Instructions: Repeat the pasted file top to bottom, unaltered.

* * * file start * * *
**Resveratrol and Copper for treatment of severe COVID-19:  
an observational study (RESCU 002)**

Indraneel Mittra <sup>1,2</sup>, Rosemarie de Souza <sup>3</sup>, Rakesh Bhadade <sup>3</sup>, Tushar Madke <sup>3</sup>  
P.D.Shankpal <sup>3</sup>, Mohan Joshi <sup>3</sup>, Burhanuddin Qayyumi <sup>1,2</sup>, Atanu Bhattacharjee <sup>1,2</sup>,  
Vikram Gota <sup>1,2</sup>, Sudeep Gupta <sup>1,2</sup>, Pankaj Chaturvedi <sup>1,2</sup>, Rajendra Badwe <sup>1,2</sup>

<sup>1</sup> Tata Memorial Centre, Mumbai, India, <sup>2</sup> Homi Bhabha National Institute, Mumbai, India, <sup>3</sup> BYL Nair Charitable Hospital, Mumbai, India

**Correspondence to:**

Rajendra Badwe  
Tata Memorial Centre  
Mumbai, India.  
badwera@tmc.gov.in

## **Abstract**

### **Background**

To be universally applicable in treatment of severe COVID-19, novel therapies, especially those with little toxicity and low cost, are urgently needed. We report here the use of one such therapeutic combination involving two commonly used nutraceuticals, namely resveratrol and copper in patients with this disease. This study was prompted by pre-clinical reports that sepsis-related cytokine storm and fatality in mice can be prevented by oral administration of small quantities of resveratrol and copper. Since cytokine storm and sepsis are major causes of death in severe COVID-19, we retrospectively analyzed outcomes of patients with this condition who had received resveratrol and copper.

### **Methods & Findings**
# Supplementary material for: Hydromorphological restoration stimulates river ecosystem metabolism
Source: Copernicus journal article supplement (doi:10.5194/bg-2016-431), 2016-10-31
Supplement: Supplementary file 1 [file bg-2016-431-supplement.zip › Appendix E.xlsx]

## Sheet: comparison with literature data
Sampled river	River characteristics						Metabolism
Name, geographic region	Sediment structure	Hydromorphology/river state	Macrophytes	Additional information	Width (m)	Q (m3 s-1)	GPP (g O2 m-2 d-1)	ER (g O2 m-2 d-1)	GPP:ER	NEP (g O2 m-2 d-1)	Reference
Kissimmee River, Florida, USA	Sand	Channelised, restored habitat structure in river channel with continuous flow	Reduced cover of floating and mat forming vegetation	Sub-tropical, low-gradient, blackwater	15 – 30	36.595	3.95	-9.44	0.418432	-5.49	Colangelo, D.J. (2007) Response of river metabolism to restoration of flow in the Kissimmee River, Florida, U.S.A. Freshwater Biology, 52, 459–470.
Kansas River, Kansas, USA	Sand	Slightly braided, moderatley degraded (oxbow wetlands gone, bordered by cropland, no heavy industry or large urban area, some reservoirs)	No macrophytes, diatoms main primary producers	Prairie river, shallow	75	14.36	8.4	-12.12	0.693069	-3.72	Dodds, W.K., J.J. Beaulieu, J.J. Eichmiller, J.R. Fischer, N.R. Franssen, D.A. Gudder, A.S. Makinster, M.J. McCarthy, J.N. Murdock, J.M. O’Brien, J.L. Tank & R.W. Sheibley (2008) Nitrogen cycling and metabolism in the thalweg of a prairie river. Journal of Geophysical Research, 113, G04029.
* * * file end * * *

**Resveratrol and Copper for treatment of severe COVID-19:  
an observational study (RESCU 002)**

Indraneel Mittra <sup>1,2</sup>, Rosemarie de Souza <sup>3</sup>, Rakesh Bhadade <sup>3</sup>, Tushar Madke <sup>3</sup>  
P.D.Shankpal <sup>3</sup>, Mohan Joshi <sup>3</sup>, Burhanuddin Qayyumi <sup>1,2</sup>, Atanu Bhattacharjee <sup>1,2</sup>,  
Vikram Gota <sup>1,2</sup>, Sudeep Gupta <sup>1,2</sup>, Pankaj Chaturvedi <sup>1,2</sup>, Rajendra Badwe <sup>1,2</sup>

<sup>1</sup> Tata Memorial Centre, Mumbai, India, <sup>2</sup> Homi Bhabha National Institute, Mumbai, India, <sup>3</sup> BYL Nair Charitable Hospital, Mumbai, India

**Correspondence to:**

Rajendra Badwe  
Tata Memorial Centre  
Mumbai, India.  
badwera@tmc.gov.in

## **Abstract**

### **Background**

To be universally applicable in treatment of severe COVID-19, novel therapies, especially those with little toxicity and low cost, are urgently needed. We report here the use of one such therapeutic combination involving two commonly used nutraceuticals, namely resveratrol and copper in patients with this disease. This study was prompted by pre-clinical reports that sepsis-related cytokine storm and fatality in mice can be prevented by oral administration of small quantities of resveratrol and copper. Since cytokine storm and sepsis are major causes of death in severe COVID-19, we retrospectively analyzed outcomes of patients with this condition who had received resveratrol and copper.

### **Methods & Findings**
# Supplementary material for: Hydromorphological restoration stimulates river ecosystem metabolism
Source: Copernicus journal article supplement (doi:10.5194/bg-2016-431), 2016-10-31
Supplement: Supplementary file 1 [file bg-2016-431-supplement.zip › Appendix E.xlsx]

## Sheet: comparison with literature data
Sampled river	River characteristics						Metabolism
Name, geographic region	Sediment structure	Hydromorphology/river state	Macrophytes	Additional information	Width (m)	Q (m3 s-1)	GPP (g O2 m-2 d-1)	ER (g O2 m-2 d-1)	GPP:ER	NEP (g O2 m-2 d-1)	Reference
Kissimmee River, Florida, USA	Sand	Channelised, restored habitat structure in river channel with continuous flow	Reduced cover of floating and mat forming vegetation	Sub-tropical, low-gradient, blackwater	15 – 30	36.595	3.95	-9.44	0.418432	-5.49	Colangelo, D.J. (2007) Response of river metabolism to restoration of flow in the Kissimmee River, Florida, U.S.A. Freshwater Biology, 52, 459–470.
Kansas River, Kansas, USA	Sand	Slightly braided, moderatley degraded (oxbow wetlands gone, bordered by cropland, no heavy industry or large urban area, some reservoirs)	No macrophytes, diatoms main primary producers	Prairie river, shallow	75	14.36	8.4	-12.12	0.693069	-3.72	Dodds, W.K., J.J. Beaulieu, J.J. Eichmiller, J.R. Fischer, N.R. Franssen, D.A. Gudder, A.S. Makinster, M.J. McCarthy, J.N. Murdock, J.M. O’Brien, J.L. Tank & R.W. Sheibley (2008) Nitrogen cycling and metabolism in the thalweg of a prairie river. Journal of Geophysical Research, 113, G04029.